THEIR highly developed sense of the ridiculous was clearly malfunctioning. So was my sense of humour. Often, journalists were bussed to sites bombed by NATO, where local officials were quite clearly telling half-truths about the real function of the destroyed building, and the “victims,” such as a seven-month-old baby girl who had in fact been injured in a road accident, were not real victims at all. And we could always be sure that there would be a small crowd chanting “God, Muammar, Libya, and that’s all” for the TV cameras. In the Goat’s time, it was “God and Trujillo.”
To speak to ordinary people on the streets of Tripoli, we had to sneak out of the hotel. I did this half a dozen times during my eighteen days in the city. Just as Trujillo had done in the Dominican Republic, Gaddafi’s rule had robbed people of their free will. Before the uprising, speaking badly of Gaddafi in public was taboo – a “red line,” as Prime Minister Mahmudi put it, referring to calls for the Libyan leader to go. But now, albeit mostly in whispers, people were willing to risk speaking out.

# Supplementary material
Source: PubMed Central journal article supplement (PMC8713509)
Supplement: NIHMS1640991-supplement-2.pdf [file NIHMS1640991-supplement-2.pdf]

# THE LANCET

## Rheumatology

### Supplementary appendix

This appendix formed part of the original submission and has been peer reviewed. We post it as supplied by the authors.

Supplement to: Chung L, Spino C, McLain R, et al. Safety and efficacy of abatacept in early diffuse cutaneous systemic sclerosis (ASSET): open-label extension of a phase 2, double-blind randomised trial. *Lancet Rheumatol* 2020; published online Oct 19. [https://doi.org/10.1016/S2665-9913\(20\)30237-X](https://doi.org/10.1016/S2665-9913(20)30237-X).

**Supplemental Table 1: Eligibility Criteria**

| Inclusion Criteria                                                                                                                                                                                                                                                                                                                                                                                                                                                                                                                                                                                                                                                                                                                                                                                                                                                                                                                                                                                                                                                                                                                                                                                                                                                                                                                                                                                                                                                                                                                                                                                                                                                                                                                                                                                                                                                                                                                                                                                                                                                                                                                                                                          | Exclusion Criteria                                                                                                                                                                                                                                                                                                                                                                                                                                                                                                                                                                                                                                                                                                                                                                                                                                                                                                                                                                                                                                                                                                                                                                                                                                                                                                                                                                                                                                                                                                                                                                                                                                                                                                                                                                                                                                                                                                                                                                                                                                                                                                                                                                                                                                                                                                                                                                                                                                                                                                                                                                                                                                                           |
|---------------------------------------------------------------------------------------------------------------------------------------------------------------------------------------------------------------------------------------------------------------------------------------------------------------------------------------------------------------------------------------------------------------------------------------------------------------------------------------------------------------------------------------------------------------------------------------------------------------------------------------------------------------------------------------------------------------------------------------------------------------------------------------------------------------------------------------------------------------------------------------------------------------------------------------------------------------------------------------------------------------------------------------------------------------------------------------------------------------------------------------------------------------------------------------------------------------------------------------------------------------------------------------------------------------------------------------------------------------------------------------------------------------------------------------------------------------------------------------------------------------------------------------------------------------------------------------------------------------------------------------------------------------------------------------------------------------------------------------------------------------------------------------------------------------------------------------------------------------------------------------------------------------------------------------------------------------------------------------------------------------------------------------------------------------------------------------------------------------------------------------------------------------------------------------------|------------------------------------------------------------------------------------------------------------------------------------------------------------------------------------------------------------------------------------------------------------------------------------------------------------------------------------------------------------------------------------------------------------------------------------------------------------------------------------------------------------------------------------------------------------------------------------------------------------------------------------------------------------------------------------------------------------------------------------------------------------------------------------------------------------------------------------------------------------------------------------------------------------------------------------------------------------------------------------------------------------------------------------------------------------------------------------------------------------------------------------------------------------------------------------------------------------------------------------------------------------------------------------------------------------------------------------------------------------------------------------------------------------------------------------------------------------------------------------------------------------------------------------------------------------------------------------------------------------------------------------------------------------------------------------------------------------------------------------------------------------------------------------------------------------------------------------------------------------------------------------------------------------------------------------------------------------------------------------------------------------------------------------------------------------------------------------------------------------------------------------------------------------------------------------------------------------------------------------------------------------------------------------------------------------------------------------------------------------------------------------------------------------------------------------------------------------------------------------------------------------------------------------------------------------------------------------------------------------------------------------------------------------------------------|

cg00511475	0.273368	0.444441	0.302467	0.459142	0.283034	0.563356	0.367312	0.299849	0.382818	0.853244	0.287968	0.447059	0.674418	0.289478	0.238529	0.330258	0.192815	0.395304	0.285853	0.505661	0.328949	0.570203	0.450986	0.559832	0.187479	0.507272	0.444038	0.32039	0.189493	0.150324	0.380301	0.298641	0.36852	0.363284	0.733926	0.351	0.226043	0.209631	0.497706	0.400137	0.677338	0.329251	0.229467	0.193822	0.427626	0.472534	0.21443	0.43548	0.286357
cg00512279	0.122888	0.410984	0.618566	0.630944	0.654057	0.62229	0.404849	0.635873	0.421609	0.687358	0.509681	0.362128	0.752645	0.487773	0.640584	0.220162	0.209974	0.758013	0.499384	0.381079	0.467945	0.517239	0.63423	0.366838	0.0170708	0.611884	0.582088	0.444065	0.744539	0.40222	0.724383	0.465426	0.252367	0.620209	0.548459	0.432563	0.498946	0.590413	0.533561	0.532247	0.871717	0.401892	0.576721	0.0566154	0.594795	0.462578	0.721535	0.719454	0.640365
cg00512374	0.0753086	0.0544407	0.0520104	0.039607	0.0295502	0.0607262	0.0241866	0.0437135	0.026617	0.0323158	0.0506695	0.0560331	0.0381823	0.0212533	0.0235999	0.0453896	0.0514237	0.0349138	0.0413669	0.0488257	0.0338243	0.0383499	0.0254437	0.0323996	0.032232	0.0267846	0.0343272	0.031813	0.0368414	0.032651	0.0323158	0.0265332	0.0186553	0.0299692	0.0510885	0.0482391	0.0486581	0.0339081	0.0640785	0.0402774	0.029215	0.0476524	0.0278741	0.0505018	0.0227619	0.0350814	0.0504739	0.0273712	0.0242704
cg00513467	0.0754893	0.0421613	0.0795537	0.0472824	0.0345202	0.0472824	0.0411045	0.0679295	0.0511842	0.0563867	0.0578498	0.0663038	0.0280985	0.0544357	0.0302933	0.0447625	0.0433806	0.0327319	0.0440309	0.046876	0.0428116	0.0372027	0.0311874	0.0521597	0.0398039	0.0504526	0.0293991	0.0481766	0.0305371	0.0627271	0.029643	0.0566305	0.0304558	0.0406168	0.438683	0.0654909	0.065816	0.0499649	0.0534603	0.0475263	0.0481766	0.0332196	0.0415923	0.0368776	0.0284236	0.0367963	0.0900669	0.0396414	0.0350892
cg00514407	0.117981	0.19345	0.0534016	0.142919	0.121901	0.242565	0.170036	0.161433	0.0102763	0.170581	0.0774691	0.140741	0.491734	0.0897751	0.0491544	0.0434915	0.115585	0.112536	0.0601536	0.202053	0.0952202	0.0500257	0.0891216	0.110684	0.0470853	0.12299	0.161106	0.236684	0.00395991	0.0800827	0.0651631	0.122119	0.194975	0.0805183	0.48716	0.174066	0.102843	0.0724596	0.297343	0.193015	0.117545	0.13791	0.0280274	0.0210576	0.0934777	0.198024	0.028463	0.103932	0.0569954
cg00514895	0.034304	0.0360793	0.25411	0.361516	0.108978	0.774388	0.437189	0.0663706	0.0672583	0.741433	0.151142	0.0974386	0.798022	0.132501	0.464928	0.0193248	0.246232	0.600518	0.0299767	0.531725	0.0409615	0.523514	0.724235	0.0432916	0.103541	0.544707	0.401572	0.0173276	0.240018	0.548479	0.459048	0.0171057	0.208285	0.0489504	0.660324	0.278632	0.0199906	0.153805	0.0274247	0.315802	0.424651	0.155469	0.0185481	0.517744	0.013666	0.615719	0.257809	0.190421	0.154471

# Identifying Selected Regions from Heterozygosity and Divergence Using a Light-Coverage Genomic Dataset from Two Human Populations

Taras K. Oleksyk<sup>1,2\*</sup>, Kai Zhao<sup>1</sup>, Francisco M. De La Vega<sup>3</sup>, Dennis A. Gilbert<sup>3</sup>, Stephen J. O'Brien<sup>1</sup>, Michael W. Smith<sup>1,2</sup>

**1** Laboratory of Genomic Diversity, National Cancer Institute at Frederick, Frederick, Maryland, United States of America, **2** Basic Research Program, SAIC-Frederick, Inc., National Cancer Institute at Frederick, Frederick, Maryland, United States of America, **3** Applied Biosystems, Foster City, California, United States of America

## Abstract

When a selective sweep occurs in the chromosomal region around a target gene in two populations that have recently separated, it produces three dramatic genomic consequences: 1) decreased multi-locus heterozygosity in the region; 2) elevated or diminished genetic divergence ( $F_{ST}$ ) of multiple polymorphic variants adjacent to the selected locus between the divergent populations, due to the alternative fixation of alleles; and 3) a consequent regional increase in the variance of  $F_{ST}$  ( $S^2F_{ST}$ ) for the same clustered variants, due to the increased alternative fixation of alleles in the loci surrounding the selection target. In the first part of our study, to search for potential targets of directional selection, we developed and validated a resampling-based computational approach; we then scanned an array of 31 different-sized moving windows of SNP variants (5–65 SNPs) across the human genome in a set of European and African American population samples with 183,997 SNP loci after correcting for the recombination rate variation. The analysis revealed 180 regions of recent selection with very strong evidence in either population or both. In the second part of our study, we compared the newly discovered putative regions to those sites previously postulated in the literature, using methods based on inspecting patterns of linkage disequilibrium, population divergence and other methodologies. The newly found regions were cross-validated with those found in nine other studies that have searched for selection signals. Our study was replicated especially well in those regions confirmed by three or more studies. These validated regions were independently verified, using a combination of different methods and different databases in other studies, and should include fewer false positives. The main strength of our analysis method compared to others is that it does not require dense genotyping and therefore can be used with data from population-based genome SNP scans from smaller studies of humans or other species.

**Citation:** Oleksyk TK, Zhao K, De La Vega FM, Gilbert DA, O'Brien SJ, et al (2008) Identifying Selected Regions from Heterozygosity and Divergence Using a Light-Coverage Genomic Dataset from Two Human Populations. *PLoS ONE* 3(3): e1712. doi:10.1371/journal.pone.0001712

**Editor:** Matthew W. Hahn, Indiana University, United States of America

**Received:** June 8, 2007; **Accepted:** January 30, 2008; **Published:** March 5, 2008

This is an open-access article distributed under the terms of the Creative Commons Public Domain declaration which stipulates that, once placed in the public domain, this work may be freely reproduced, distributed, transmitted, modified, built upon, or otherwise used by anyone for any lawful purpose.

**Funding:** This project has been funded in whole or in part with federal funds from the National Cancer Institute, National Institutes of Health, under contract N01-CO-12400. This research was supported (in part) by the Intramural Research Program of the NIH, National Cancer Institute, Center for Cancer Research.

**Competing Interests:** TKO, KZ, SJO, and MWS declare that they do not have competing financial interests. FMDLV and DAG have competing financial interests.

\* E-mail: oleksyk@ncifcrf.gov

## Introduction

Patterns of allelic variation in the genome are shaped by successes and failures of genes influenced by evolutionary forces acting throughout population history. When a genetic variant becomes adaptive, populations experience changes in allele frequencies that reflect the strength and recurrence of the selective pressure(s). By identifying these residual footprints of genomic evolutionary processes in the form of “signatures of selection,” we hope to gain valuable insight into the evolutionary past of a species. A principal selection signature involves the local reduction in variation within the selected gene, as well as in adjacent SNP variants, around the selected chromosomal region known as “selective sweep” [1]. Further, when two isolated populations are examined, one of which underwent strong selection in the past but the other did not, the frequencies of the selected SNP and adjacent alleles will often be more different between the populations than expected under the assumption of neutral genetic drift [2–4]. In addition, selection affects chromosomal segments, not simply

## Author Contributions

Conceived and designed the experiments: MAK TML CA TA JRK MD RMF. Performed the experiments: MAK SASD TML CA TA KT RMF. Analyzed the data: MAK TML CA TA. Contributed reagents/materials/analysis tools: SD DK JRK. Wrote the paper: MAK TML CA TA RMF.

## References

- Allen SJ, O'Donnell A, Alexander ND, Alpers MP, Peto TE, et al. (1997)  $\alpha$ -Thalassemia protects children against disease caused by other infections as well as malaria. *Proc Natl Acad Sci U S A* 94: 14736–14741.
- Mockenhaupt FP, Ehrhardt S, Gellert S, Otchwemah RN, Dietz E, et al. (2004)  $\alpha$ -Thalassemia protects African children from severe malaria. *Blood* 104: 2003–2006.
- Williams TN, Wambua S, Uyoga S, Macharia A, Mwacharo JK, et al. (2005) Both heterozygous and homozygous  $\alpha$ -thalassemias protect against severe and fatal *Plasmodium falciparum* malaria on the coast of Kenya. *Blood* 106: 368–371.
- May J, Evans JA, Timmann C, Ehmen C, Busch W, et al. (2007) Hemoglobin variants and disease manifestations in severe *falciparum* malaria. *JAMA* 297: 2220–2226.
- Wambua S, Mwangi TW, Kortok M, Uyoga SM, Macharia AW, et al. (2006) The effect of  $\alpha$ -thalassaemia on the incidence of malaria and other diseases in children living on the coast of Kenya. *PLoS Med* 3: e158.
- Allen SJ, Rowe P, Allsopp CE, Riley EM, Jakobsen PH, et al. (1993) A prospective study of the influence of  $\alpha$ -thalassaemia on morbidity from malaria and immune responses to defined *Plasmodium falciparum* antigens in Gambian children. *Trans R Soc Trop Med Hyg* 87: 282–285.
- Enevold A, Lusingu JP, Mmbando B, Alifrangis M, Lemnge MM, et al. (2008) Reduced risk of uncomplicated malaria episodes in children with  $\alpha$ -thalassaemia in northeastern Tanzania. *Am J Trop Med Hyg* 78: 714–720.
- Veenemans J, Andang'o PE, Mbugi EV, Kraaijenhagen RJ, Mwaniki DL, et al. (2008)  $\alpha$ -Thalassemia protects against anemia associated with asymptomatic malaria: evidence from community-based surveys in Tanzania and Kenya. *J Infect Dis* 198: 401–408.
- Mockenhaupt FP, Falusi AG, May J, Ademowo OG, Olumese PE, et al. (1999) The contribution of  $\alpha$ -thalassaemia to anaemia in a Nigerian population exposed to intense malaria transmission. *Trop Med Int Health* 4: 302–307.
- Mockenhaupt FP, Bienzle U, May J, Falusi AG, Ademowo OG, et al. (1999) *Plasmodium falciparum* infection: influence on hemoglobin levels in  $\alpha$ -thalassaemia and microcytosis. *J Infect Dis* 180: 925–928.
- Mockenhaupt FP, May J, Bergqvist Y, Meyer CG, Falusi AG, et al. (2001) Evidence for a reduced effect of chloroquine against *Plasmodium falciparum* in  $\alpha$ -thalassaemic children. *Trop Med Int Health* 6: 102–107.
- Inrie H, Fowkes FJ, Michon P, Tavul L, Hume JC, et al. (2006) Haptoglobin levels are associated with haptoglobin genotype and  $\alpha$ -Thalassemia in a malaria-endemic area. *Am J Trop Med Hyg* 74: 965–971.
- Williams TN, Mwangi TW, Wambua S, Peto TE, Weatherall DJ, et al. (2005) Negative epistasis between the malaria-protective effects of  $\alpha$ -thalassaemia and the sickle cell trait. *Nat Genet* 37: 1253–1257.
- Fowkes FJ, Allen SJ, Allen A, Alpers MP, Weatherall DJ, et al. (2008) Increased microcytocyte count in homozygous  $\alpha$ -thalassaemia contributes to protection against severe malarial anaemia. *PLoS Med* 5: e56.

I did meet some people who supported the regime, but the overwhelming sentiment was anti-Gaddafi. It crossed generations. A man in his fifties, sitting behind a counter in his shop, told me that Gaddafi was “finished.” Another, in his seventies, said that everybody was just waiting for the “time after Gaddafi.” In a coffee shop, a young man studying to be an air traffic controller spoke with barely concealed rage. “We don’t need him,” he said. “Everybody knows that. But here in Tripoli we don’t have weapons. We have to be as one, but there are so many snitches and spies.”
Indeed there were. The next morning, while walking around the Medina with a fellow journalist, I noticed we were being tailed. Suddenly a pickup screeched to a halt next to us and five men with cocked AK-47s bundled us into the car and sped us off to a police checkpoint.
Eventually, realising that we had accreditation, they let us go. But the following afternoon, after my story about the incident appeared online, I was expelled and driven to the Tunisian border by a thuggish-looking young man who had a picture of Gaddafi on his mobile phone. I was lucky. In the Goat’s time, I might have been thrown to the sharks. •